National Museums boon after Beluga whale discovery

Beluga whales are rarely sighted in Scottish waters.  Picture: AP

Beluga whales are rarely sighted in Scottish waters. Picture: AP

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THE DISCOVERY of the carcass of a dead Arctic beluga whale on a Scottish beach could plug a 200-year research gap for National Museums Scotland.

The NMS was contacted to identify the rotting remains washed up on Lunan beach, north of Arbroath.

DNA samples were sent off along with the mammal’s skull and teeth and experts were thrilled with the results.

The whale is only the second specimen of beluga the museum has received - and the last one dates back to a stranding in the Firth of Forth in 1815.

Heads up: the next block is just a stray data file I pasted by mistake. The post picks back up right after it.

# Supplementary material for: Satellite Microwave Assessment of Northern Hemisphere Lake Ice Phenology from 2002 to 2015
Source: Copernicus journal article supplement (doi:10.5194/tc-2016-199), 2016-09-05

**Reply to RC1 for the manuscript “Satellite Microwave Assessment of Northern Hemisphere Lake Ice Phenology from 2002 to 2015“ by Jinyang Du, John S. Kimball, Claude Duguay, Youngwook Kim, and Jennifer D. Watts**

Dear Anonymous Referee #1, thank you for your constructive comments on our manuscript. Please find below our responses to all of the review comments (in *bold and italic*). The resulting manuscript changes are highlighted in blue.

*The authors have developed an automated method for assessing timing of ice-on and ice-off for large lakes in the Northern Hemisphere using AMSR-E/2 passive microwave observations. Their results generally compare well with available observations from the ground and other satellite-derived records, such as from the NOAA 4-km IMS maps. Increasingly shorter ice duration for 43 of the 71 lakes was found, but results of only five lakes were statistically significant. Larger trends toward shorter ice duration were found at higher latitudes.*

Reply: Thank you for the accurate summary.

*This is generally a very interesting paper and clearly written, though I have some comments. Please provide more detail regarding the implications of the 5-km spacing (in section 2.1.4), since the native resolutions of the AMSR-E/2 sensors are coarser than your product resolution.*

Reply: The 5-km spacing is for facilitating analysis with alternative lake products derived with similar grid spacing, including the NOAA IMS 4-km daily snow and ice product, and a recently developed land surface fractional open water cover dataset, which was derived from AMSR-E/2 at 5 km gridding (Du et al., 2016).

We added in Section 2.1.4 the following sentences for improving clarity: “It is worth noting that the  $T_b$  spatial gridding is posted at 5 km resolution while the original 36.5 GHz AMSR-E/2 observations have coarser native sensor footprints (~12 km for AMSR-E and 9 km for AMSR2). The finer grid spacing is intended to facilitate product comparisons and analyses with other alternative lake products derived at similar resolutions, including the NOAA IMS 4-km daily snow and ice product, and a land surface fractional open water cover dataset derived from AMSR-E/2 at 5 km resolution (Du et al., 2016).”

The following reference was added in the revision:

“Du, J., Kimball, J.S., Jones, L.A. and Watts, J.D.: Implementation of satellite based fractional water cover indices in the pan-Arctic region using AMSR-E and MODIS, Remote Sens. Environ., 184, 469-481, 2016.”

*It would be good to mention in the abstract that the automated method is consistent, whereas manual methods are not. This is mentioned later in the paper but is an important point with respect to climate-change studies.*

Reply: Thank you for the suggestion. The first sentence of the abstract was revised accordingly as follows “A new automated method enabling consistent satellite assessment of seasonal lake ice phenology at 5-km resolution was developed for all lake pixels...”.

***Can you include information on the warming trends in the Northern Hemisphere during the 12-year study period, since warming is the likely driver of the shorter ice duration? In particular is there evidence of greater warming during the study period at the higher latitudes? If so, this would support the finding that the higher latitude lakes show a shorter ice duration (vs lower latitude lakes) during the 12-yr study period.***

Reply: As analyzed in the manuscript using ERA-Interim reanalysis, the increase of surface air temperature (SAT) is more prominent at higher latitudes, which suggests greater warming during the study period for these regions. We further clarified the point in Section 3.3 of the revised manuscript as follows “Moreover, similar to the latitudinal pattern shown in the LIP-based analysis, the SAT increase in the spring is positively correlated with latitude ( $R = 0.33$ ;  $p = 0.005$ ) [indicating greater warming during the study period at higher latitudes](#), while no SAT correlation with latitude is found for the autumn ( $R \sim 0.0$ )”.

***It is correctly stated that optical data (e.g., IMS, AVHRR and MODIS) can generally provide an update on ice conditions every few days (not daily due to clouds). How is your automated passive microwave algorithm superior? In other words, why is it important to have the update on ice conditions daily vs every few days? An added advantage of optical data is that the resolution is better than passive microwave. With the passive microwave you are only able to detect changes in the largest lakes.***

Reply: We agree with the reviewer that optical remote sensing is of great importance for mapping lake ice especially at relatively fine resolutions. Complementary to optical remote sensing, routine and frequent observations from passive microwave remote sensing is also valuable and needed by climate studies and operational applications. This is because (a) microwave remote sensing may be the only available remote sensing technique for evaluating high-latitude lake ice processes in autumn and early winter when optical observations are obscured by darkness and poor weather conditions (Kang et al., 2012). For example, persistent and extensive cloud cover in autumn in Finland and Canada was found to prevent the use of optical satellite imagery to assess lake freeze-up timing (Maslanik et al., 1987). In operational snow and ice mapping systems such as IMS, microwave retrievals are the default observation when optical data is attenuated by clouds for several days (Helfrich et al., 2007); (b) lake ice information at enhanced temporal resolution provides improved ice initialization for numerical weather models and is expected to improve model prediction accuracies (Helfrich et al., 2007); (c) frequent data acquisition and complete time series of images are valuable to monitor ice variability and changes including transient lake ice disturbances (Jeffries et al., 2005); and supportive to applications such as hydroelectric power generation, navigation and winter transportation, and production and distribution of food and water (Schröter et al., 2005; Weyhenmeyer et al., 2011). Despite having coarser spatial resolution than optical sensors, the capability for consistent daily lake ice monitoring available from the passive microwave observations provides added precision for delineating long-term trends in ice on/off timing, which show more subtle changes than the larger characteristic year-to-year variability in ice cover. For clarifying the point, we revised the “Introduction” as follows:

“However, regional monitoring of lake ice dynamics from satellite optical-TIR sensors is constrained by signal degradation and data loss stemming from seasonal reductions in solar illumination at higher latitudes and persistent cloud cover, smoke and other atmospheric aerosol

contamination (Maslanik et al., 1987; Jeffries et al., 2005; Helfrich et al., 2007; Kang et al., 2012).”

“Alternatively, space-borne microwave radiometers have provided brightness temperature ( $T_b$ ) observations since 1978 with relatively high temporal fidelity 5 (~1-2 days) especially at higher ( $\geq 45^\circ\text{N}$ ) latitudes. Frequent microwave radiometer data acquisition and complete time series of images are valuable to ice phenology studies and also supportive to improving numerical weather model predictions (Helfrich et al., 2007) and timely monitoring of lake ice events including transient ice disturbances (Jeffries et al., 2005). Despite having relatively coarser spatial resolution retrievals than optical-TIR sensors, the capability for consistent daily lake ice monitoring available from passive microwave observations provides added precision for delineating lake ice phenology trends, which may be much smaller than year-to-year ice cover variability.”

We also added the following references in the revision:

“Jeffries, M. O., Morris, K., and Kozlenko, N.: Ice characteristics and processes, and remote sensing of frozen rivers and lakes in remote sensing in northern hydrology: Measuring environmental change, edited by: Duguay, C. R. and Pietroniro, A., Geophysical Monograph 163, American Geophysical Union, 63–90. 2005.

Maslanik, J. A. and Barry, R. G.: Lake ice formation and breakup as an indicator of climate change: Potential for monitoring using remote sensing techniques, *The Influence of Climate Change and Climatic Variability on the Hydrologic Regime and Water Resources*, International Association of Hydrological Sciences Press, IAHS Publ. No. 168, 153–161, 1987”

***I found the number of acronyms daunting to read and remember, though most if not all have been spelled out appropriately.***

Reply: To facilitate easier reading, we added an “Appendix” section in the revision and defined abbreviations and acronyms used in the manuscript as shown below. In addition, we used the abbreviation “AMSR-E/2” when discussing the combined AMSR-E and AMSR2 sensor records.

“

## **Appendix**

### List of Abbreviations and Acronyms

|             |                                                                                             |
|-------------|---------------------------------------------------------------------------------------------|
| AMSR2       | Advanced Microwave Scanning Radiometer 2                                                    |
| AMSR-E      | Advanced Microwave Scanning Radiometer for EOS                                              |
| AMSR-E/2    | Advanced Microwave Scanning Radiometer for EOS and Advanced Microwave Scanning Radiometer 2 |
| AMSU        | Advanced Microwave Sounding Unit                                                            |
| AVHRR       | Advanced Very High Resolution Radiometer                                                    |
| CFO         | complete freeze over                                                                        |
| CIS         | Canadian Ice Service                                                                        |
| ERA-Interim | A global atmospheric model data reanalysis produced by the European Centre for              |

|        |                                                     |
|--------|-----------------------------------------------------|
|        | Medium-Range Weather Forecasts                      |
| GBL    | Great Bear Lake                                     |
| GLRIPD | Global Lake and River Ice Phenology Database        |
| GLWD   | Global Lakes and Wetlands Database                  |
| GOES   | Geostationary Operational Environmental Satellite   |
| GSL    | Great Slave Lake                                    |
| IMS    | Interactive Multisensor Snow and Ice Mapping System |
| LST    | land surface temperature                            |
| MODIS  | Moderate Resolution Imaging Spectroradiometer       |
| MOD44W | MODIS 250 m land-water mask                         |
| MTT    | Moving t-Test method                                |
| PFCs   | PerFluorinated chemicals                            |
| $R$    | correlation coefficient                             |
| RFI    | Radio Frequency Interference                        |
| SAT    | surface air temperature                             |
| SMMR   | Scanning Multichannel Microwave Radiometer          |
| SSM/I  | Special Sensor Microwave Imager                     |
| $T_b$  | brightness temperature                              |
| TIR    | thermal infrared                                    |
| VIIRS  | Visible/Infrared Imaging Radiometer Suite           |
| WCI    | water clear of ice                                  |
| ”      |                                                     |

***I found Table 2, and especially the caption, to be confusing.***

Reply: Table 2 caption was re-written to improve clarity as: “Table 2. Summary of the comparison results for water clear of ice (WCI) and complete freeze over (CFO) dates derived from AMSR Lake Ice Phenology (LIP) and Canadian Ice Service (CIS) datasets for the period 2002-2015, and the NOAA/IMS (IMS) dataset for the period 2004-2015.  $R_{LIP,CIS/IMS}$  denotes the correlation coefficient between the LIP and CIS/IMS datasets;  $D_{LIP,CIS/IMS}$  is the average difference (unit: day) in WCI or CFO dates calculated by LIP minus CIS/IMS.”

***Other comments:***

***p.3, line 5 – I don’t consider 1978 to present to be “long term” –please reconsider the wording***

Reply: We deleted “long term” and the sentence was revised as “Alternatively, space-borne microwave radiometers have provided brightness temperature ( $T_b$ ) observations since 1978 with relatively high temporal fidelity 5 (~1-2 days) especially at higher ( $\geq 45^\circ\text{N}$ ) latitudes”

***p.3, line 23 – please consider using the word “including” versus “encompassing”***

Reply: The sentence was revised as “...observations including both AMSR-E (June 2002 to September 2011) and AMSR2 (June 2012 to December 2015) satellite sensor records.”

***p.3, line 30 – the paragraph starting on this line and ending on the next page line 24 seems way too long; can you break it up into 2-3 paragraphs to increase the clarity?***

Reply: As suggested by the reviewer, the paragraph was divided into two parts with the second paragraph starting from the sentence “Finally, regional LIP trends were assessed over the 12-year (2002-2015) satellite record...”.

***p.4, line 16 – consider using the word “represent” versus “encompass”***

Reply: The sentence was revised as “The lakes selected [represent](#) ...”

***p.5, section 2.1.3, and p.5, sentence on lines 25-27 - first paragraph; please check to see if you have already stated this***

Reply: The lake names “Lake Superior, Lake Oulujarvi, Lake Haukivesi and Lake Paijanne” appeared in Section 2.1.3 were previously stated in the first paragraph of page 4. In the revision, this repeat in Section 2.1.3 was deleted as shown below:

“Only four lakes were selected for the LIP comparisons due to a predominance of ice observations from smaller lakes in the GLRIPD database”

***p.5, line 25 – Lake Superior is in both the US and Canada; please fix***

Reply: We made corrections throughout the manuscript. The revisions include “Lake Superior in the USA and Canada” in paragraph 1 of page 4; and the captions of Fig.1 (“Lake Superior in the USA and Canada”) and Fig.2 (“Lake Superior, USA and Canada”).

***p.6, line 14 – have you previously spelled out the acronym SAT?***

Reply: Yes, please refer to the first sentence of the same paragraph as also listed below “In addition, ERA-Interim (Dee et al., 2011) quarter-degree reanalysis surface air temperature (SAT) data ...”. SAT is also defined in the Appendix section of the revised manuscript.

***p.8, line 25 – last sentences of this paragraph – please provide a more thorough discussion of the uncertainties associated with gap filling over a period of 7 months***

Zena Timmons, assistant curator of vertebrates at NMS, helped to identify the animal after it was found by volunteers from the Keilor Trust and members of the Scottish Marine Animal Stranding Scheme. She said: “Staff from the Natural Sciences department at National Museums Scotland identified a specimen washed up at Lunan Bay as a beluga whale.

“This was established by comparing the skull with a beluga skull already in our collection, initially from photographs and subsequent direct comparison of the physical specimens.

“The beluga whale is native to the Arctic Ocean.

“Sightings of them in Scottish waters are very unusual, and instances of specimen finds on Scottish shores are extremely rare.”

The whale carcass has further spiked the interest of marine scientists based on the east coast, coming as it does after several harbour porpoises were found dead on Angus beaches following interactions with dolphins in the sea off Arbroath.

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